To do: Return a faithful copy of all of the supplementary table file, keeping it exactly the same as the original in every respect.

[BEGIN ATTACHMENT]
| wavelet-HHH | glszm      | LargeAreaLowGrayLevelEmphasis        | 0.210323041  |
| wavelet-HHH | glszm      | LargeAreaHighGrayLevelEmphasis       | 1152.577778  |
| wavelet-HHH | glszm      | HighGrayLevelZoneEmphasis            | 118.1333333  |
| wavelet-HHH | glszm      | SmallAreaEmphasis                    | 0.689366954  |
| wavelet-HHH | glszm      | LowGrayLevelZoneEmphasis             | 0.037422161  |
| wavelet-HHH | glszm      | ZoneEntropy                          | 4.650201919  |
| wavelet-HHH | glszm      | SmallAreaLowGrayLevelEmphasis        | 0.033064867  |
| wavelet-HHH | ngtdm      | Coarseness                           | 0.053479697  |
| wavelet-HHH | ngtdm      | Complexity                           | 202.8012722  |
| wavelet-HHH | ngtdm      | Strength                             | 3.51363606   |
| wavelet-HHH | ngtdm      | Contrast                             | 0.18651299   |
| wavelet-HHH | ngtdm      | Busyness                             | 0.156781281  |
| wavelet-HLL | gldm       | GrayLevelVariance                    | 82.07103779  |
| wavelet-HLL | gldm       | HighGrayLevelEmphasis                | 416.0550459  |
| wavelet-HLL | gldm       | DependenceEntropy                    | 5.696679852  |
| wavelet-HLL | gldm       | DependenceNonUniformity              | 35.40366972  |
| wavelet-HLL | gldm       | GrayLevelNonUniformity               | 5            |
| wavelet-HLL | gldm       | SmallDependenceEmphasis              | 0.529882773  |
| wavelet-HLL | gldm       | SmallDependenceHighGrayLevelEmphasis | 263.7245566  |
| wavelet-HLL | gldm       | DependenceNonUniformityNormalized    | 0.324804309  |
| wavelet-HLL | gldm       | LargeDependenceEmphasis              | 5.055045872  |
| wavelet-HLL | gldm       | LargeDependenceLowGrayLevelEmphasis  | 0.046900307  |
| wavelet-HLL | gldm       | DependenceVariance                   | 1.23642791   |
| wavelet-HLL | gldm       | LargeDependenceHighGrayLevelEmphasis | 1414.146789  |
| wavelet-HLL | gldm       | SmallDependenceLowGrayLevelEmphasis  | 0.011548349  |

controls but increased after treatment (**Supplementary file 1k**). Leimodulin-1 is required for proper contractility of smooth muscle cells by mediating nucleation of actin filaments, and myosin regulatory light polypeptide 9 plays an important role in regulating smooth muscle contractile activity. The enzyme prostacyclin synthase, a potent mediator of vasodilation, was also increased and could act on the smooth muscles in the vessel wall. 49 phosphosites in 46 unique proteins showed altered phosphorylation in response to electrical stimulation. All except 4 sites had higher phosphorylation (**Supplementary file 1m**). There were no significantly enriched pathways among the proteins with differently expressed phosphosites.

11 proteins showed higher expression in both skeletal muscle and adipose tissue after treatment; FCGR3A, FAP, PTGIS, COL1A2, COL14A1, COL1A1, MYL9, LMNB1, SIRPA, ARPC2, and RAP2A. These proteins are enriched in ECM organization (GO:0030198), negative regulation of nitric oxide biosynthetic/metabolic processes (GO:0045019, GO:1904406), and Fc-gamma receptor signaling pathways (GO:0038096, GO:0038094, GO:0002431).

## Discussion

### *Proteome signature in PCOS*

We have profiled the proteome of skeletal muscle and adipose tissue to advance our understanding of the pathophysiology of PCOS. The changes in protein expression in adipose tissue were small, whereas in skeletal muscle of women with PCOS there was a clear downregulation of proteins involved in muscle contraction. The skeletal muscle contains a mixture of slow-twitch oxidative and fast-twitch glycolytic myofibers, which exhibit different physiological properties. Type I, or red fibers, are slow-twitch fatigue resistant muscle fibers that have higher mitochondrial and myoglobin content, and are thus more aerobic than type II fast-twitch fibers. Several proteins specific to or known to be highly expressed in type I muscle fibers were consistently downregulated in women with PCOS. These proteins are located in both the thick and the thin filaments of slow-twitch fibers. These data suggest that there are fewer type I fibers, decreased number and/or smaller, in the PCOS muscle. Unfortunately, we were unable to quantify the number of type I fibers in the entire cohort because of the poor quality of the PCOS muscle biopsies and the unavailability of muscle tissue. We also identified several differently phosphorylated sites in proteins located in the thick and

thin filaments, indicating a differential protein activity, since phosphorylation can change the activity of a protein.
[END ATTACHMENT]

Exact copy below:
| wavelet-HHH | glszm      | LargeAreaLowGrayLevelEmphasis        | 0.210323041  |
| wavelet-HHH | glszm      | LargeAreaHighGrayLevelEmphasis       | 1152.577778  |
| wavelet-HHH | glszm      | HighGrayLevelZoneEmphasis            | 118.1333333  |
| wavelet-HHH | glszm      | SmallAreaEmphasis                    | 0.689366954  |
| wavelet-HHH | glszm      | LowGrayLevelZoneEmphasis             | 0.037422161  |
| wavelet-HHH | glszm      | ZoneEntropy                          | 4.650201919  |
| wavelet-HHH | glszm      | SmallAreaLowGrayLevelEmphasis        | 0.033064867  |
| wavelet-HHH | ngtdm      | Coarseness                           | 0.053479697  |
| wavelet-HHH | ngtdm      | Complexity                           | 202.8012722  |
| wavelet-HHH | ngtdm      | Strength                             | 3.51363606   |
| wavelet-HHH | ngtdm      | Contrast                             | 0.18651299   |
| wavelet-HHH | ngtdm      | Busyness                             | 0.156781281  |
| wavelet-HLL | gldm       | GrayLevelVariance                    | 82.07103779  |
| wavelet-HLL | gldm       | HighGrayLevelEmphasis                | 416.0550459  |
| wavelet-HLL | gldm       | DependenceEntropy                    | 5.696679852  |
| wavelet-HLL | gldm       | DependenceNonUniformity              | 35.40366972  |
| wavelet-HLL | gldm       | GrayLevelNonUniformity               | 5            |
| wavelet-HLL | gldm       | SmallDependenceEmphasis              | 0.529882773  |
| wavelet-HLL | gldm       | SmallDependenceHighGrayLevelEmphasis | 263.7245566  |
| wavelet-HLL | gldm       | DependenceNonUniformityNormalized    | 0.324804309  |
| wavelet-HLL | gldm       | LargeDependenceEmphasis              | 5.055045872  |
| wavelet-HLL | gldm       | LargeDependenceLowGrayLevelEmphasis  | 0.046900307  |
| wavelet-HLL | gldm       | DependenceVariance                   | 1.23642791   |
| wavelet-HLL | gldm       | LargeDependenceHighGrayLevelEmphasis | 1414.146789  |
| wavelet-HLL | gldm       | SmallDependenceLowGrayLevelEmphasis  | 0.011548349  |

controls but increased after treatment (**Supplementary file 1k**). Leimodulin-1 is required for proper contractility of smooth muscle cells by mediating nucleation of actin filaments, and myosin regulatory light polypeptide 9 plays an important role in regulating smooth muscle contractile activity. The enzyme prostacyclin synthase, a potent mediator of vasodilation, was also increased and could act on the smooth muscles in the vessel wall. 49 phosphosites in 46 unique proteins showed altered phosphorylation in response to electrical stimulation. All except 4 sites had higher phosphorylation (**Supplementary file 1m**). There were no significantly enriched pathways among the proteins with differently expressed phosphosites.

11 proteins showed higher expression in both skeletal muscle and adipose tissue after treatment; FCGR3A, FAP, PTGIS, COL1A2, COL14A1, COL1A1, MYL9, LMNB1, SIRPA, ARPC2, and RAP2A. These proteins are enriched in ECM organization (GO:0030198), negative regulation of nitric oxide biosynthetic/metabolic processes (GO:0045019, GO:1904406), and Fc-gamma receptor signaling pathways (GO:0038096, GO:0038094, GO:0002431).

## Discussion

### *Proteome signature in PCOS*

We have profiled the proteome of skeletal muscle and adipose tissue to advance our understanding of the pathophysiology of PCOS. The changes in protein expression in adipose tissue were small, whereas in skeletal muscle of women with PCOS there was a clear downregulation of proteins involved in muscle contraction. The skeletal muscle contains a mixture of slow-twitch oxidative and fast-twitch glycolytic myofibers, which exhibit different physiological properties. Type I, or red fibers, are slow-twitch fatigue resistant muscle fibers that have higher mitochondrial and myoglobin content, and are thus more aerobic than type II fast-twitch fibers. Several proteins specific to or known to be highly expressed in type I muscle fibers were consistently downregulated in women with PCOS. These proteins are located in both the thick and the thin filaments of slow-twitch fibers. These data suggest that there are fewer type I fibers, decreased number and/or smaller, in the PCOS muscle. Unfortunately, we were unable to quantify the number of type I fibers in the entire cohort because of the poor quality of the PCOS muscle biopsies and the unavailability of muscle tissue. We also identified several differently phosphorylated sites in proteins located in the thick and

thin filaments, indicating a differential protein activity, since phosphorylation can change the activity of a protein.